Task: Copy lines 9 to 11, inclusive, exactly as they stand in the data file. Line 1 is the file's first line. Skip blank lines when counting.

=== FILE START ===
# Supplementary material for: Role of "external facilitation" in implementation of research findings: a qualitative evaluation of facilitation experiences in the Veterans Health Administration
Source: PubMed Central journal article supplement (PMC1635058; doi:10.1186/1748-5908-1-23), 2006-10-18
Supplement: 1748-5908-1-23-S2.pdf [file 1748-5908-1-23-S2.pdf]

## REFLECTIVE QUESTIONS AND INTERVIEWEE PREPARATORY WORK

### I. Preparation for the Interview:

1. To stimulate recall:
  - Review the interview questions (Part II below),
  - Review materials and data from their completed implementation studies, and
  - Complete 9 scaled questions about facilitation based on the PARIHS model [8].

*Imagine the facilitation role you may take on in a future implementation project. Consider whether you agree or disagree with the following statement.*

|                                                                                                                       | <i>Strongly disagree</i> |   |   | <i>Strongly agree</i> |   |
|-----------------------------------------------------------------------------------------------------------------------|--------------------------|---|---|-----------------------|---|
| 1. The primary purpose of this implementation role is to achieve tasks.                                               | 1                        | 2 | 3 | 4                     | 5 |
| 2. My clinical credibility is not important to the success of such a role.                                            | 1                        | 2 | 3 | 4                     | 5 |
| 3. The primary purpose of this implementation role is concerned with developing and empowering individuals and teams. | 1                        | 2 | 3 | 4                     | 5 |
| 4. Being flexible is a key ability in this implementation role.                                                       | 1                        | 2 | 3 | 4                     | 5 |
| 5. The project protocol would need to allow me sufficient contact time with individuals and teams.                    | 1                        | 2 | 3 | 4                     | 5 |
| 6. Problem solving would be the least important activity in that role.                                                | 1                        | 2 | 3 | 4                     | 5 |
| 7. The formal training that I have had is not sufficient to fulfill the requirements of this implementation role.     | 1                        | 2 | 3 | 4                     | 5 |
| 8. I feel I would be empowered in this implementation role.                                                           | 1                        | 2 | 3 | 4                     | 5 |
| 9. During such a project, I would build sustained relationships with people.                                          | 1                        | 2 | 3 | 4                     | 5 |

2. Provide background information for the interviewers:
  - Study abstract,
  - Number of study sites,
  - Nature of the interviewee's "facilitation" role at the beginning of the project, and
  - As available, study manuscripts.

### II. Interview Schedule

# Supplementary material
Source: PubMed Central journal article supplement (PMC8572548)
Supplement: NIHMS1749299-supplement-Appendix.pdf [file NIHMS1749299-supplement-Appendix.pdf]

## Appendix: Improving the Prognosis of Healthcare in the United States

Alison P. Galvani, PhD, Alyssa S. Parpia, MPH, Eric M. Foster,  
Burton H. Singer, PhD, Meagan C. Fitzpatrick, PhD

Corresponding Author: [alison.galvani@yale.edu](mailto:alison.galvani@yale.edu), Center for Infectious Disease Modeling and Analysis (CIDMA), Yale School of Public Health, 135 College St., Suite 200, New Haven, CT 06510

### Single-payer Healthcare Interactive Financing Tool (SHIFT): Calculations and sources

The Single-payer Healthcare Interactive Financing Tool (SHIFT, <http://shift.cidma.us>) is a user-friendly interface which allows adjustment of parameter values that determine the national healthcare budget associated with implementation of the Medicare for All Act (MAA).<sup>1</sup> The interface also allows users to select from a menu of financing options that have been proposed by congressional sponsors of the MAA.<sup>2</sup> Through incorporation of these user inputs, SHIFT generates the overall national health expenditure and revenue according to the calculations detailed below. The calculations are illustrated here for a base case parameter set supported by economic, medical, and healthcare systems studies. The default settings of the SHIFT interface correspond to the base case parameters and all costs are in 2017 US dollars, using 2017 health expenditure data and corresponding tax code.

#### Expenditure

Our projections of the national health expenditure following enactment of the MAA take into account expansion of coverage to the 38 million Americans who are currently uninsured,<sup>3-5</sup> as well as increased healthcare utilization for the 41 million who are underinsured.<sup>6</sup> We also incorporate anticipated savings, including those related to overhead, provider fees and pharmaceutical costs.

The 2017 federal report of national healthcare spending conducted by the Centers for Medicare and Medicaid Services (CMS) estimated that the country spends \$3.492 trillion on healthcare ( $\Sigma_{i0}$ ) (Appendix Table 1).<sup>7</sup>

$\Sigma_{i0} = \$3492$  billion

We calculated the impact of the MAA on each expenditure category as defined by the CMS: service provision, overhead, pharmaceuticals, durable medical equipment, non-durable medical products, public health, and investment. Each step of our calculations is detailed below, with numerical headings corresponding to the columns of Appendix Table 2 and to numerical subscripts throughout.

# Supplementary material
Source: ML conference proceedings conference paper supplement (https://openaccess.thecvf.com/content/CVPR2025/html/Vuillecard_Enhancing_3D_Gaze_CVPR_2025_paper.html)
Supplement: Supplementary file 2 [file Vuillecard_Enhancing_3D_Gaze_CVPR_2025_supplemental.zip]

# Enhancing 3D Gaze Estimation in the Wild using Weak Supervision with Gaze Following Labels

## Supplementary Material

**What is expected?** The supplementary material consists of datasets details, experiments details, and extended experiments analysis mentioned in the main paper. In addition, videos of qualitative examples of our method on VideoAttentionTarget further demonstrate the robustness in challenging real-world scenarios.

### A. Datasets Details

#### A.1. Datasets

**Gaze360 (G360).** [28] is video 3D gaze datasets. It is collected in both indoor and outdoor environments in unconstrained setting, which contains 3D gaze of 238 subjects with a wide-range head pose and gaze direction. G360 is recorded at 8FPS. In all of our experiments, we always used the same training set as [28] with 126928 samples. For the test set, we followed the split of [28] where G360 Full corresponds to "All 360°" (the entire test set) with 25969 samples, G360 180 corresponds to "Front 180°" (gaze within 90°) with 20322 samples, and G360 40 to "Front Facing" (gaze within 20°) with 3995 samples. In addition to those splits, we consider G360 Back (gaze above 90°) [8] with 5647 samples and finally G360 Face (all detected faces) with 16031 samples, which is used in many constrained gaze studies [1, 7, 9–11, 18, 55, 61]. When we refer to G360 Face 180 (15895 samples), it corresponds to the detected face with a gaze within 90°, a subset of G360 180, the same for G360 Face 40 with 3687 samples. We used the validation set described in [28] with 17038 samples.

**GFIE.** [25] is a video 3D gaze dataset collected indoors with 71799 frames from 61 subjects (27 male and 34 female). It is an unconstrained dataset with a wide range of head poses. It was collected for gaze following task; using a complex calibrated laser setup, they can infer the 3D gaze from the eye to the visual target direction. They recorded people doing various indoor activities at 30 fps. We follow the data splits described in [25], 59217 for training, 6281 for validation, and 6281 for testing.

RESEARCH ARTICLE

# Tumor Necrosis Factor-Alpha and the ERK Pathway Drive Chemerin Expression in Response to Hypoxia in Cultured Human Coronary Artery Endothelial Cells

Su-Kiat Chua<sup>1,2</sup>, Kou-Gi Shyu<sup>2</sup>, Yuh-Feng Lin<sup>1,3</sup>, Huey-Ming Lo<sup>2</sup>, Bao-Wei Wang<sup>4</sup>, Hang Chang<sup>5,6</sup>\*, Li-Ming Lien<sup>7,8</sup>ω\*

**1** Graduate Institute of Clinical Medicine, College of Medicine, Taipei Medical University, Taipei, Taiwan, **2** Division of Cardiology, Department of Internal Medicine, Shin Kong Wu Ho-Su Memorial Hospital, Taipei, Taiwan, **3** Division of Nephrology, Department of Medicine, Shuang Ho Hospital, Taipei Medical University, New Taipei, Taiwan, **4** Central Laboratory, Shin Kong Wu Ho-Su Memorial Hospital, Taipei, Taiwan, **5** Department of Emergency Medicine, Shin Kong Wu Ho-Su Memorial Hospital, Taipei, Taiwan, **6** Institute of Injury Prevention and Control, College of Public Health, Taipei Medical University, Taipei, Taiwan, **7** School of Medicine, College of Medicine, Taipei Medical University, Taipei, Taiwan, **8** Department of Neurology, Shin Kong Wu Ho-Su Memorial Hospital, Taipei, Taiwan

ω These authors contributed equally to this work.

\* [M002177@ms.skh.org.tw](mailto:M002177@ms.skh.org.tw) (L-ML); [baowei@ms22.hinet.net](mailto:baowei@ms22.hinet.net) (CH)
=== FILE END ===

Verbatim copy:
  - Complete 9 scaled questions about facilitation based on the PARIHS model [8].

*Imagine the facilitation role you may take on in a future implementation project. Consider whether you agree or disagree with the following statement.*

|                                                                                                                       | <i>Strongly disagree</i> |   |   | <i>Strongly agree</i> |   |